Romano Scaturro of Cornville has taken on some ambitious journeys in recent years. He has bicycled more than 30,000 miles, including crossing the continent five times. But this one tops them all.
This time he will visit the capitals of all 50 states. This time he will paddle a sea kayak 65 miles through Alaska’s inner passage. But that’s just for starters. This time he will end his tour by rowing solo 2,400 miles across the Pacific Ocean to his 50th and final capital – Honolulu.
At age 50, Romano is calling this adventure the 50@50: A Human Powered Journey.
Romano and his wife, Patrice, have owned a small Italian restaurant in Cornville since 1987. They have four children.
In 1988, Romano began competing in Ironman distance triathlons, a passion he followed for 16 years.
In 2004, Romano started cycling with team members for an organization he founded and named FRAANK: Family Ride Across America to Nurture Kids. The non-profit is dedicated to improving the lives of disadvantaged and troubled children.
He hopes to raise $50,000 through sponsorships and donations with the 50@50 tour for Kids Against Hunger. Because Romano covers all the costs of his adventures out of his own pocket, all proceeds raised by the trip will go to FRAANK.
The 2004 trip was a bike tour of the Lewis & Clark Expedition, lasting eight weeks and covering 3,200 miles. As soon as that tour was over, Romano and his son Giuliano cycled tandem from Astoria, Ore. 800 miles along the Pacific Coast to the Golden Gate Bridge in San Francisco.
The Continental Divide was the goal during FRAANK’s 2005–06 bike tour. In 2008, the team set out on its TransAmerica bike tour, covering nearly 4,000 miles from Cape Alava, Wash., to Quoddy Head Lighthouse at Lubec, Maine.
That tour was followed in 2009 by the Tour of the Colorado Rockies. Then came the 2010 Major League Baseball Stadium Tour. Romano, accompanied at times by members of the FRAANK team, cycled to all 30 Major League Baseball parks.
Beginning April 20, in Juneau, Alaska, the 50@50 tour will start with Romano paddling a sea kayak for three days over 65 miles through the Lynn Canal in Alaska’s inner passage to Skagway, Alaska.
“Hopefully, that will take no more than three days,” Romano said. “The direction I’m going is with the current. Maybe I can make it in three days.”
Romano said he will camp along the shoreline at night during the crossing of the inner passage. “I’ll be at maximum, 50 feet from shore,” he said. “The only crossing is about a mile of somewhat open water.”
From there, he will attempt to be the first man ever to travel to all 50 U.S. state capitals in a continuous sequence using only human power and without any outside support. The 50@50 tour will cover about 14,000 miles in six months as Romano cycles to the remaining 48 land-based accessible capitals.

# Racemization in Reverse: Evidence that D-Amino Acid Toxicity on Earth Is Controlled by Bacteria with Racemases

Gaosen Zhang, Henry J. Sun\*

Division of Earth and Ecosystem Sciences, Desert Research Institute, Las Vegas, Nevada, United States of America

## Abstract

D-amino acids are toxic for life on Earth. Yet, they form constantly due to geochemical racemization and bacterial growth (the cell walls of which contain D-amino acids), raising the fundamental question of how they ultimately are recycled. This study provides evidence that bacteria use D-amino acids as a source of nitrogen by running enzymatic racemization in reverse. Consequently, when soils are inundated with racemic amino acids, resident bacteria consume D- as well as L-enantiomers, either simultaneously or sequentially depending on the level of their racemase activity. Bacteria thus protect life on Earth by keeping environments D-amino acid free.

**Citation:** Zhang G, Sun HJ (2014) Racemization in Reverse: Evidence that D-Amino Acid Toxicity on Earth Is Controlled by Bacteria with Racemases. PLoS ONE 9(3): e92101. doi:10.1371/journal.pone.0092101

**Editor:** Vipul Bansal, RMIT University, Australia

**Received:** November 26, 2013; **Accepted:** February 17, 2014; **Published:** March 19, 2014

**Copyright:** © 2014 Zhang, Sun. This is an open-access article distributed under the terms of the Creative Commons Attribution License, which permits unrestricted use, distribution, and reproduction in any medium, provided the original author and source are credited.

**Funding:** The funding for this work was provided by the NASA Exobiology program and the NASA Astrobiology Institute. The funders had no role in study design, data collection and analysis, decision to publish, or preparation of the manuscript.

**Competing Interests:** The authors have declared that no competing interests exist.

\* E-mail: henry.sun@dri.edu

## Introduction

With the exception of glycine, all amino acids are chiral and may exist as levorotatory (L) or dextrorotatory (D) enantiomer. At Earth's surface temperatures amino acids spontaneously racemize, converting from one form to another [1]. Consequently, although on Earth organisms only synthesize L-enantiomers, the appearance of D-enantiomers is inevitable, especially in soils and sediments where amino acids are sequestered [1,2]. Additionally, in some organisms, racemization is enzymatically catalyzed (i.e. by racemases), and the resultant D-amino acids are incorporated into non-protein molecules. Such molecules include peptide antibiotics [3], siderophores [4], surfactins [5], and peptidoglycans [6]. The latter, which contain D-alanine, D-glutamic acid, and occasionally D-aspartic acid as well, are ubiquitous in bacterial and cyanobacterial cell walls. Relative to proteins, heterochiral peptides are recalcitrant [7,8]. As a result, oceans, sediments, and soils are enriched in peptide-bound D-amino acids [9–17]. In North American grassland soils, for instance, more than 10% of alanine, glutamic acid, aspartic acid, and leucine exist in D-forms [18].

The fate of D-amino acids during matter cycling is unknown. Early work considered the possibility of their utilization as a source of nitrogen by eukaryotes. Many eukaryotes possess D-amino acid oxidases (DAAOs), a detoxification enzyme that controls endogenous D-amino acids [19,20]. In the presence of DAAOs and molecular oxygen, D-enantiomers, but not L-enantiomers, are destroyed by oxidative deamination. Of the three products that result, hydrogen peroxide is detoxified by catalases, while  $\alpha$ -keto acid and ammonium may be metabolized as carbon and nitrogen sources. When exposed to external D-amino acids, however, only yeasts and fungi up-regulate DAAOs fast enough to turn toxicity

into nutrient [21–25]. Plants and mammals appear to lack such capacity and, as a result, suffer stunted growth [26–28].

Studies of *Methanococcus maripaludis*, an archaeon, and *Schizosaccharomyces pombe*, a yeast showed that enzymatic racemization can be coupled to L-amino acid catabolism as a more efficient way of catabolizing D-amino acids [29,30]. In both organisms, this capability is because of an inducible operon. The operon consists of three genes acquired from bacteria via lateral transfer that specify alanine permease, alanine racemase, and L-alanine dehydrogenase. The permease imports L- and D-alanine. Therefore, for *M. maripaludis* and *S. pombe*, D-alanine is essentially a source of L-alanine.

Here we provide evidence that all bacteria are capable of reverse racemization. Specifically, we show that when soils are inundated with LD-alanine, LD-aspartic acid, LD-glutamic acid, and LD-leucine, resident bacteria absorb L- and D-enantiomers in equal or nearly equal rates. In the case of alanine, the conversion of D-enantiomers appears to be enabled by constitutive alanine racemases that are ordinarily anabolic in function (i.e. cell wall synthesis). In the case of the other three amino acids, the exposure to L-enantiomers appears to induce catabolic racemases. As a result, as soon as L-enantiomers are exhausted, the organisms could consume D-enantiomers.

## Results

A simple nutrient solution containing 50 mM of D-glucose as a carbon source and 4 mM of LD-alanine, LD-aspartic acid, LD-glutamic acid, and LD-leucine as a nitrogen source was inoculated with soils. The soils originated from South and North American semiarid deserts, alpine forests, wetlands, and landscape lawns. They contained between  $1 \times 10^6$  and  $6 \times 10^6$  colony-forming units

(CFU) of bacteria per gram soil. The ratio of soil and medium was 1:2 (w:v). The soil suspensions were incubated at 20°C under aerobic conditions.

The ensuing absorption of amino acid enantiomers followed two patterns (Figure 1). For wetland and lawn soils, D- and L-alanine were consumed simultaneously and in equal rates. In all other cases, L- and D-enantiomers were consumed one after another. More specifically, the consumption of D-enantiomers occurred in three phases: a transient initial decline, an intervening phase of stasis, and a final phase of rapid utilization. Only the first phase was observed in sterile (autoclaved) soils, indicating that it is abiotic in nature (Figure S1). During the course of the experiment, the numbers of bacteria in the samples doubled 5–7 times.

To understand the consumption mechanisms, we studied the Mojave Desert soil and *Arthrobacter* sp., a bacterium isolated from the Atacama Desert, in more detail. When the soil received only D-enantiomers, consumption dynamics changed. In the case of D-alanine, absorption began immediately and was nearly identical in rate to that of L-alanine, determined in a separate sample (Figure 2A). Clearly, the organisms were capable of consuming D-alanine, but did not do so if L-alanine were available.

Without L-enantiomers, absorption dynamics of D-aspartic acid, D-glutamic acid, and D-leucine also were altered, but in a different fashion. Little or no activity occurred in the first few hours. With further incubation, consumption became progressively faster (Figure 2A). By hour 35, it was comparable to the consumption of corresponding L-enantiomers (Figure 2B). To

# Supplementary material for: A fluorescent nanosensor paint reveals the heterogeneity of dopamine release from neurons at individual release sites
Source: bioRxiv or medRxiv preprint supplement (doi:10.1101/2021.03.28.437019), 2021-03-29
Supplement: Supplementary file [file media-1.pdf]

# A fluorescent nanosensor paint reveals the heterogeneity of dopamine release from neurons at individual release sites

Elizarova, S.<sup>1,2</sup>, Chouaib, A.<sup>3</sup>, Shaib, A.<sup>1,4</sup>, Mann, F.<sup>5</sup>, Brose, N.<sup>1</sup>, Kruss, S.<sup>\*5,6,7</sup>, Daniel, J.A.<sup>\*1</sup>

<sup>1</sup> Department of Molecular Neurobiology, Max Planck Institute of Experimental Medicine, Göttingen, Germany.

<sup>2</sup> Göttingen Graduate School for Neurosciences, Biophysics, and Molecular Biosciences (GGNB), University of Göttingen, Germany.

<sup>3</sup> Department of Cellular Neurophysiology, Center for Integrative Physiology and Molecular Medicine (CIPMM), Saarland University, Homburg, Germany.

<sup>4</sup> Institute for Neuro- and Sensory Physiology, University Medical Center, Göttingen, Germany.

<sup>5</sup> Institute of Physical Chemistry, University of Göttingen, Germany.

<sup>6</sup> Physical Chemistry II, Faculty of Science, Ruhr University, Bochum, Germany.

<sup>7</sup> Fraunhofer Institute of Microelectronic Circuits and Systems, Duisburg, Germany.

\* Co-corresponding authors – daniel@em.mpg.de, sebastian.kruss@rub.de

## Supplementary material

After six months spent in winter quarters, Romano will attempt to row a specially designed ocean-rowing vessel 2,400 miles across the Pacific Ocean from Monterrey, Calif., to his final state capital in Honolulu.
During the cycling portion of the tour between the 50 state capitals, Romano said he hopes to camp every night, but likely there will be a few nights spent in motels or hotels.
“Camping is the way to go,” he said. “Not only because it costs less, but we enjoy it.”
He will be joined during parts of the tour by FRAANK team members, including his 10-year-old daughter, Angelina. Current plans call for Angelina to join her dad after school lets out in May. Her first ever bicycle tour will have her on the road for two months with her dad.
Romano explained that while on the road his biggest concern is always if everything is OK back home with his family. “Other than that, my biggest concern is a place to camp, and that is no problem,” he said.
“Basically, there’s no worries out there,” Romano said. “It’s not going through an ordeal. I’m enjoying it.”
He said that he stops every night about two hours before sunset and buys groceries. He carries a small grill on the tour. His favorite meal is steak. “But I do eat fruit and a balanced diet,” he said.
Romano admits that on this trip, he does have some new worries. “On this one it will be with the row,” he said.
Rowing solo, 2,400 miles across the Pacific, has a whole new set of worries and dangers compared with cycling thousands of miles.
His 20-plus-foot boat is specially designed and equipped with navigation and survival gear.
The boat has a solar-powered electric desalinization unit, with a hand-operated one for back up. Solar panels on board provide electric power for all of the boat’s navigation, GPS, meters and radio equipment. A life vest and “ditch” bag are always close at hand. Romano also will have a satellite phone on board as well as a radar-enhancing unit that makes his small craft appear larger than life on the radar of commercial ships.
Although there will be plenty of rowing time for Romano during his Pacific crossing, he explained that the shipping lanes he will be following should have the currents working with him most of the time.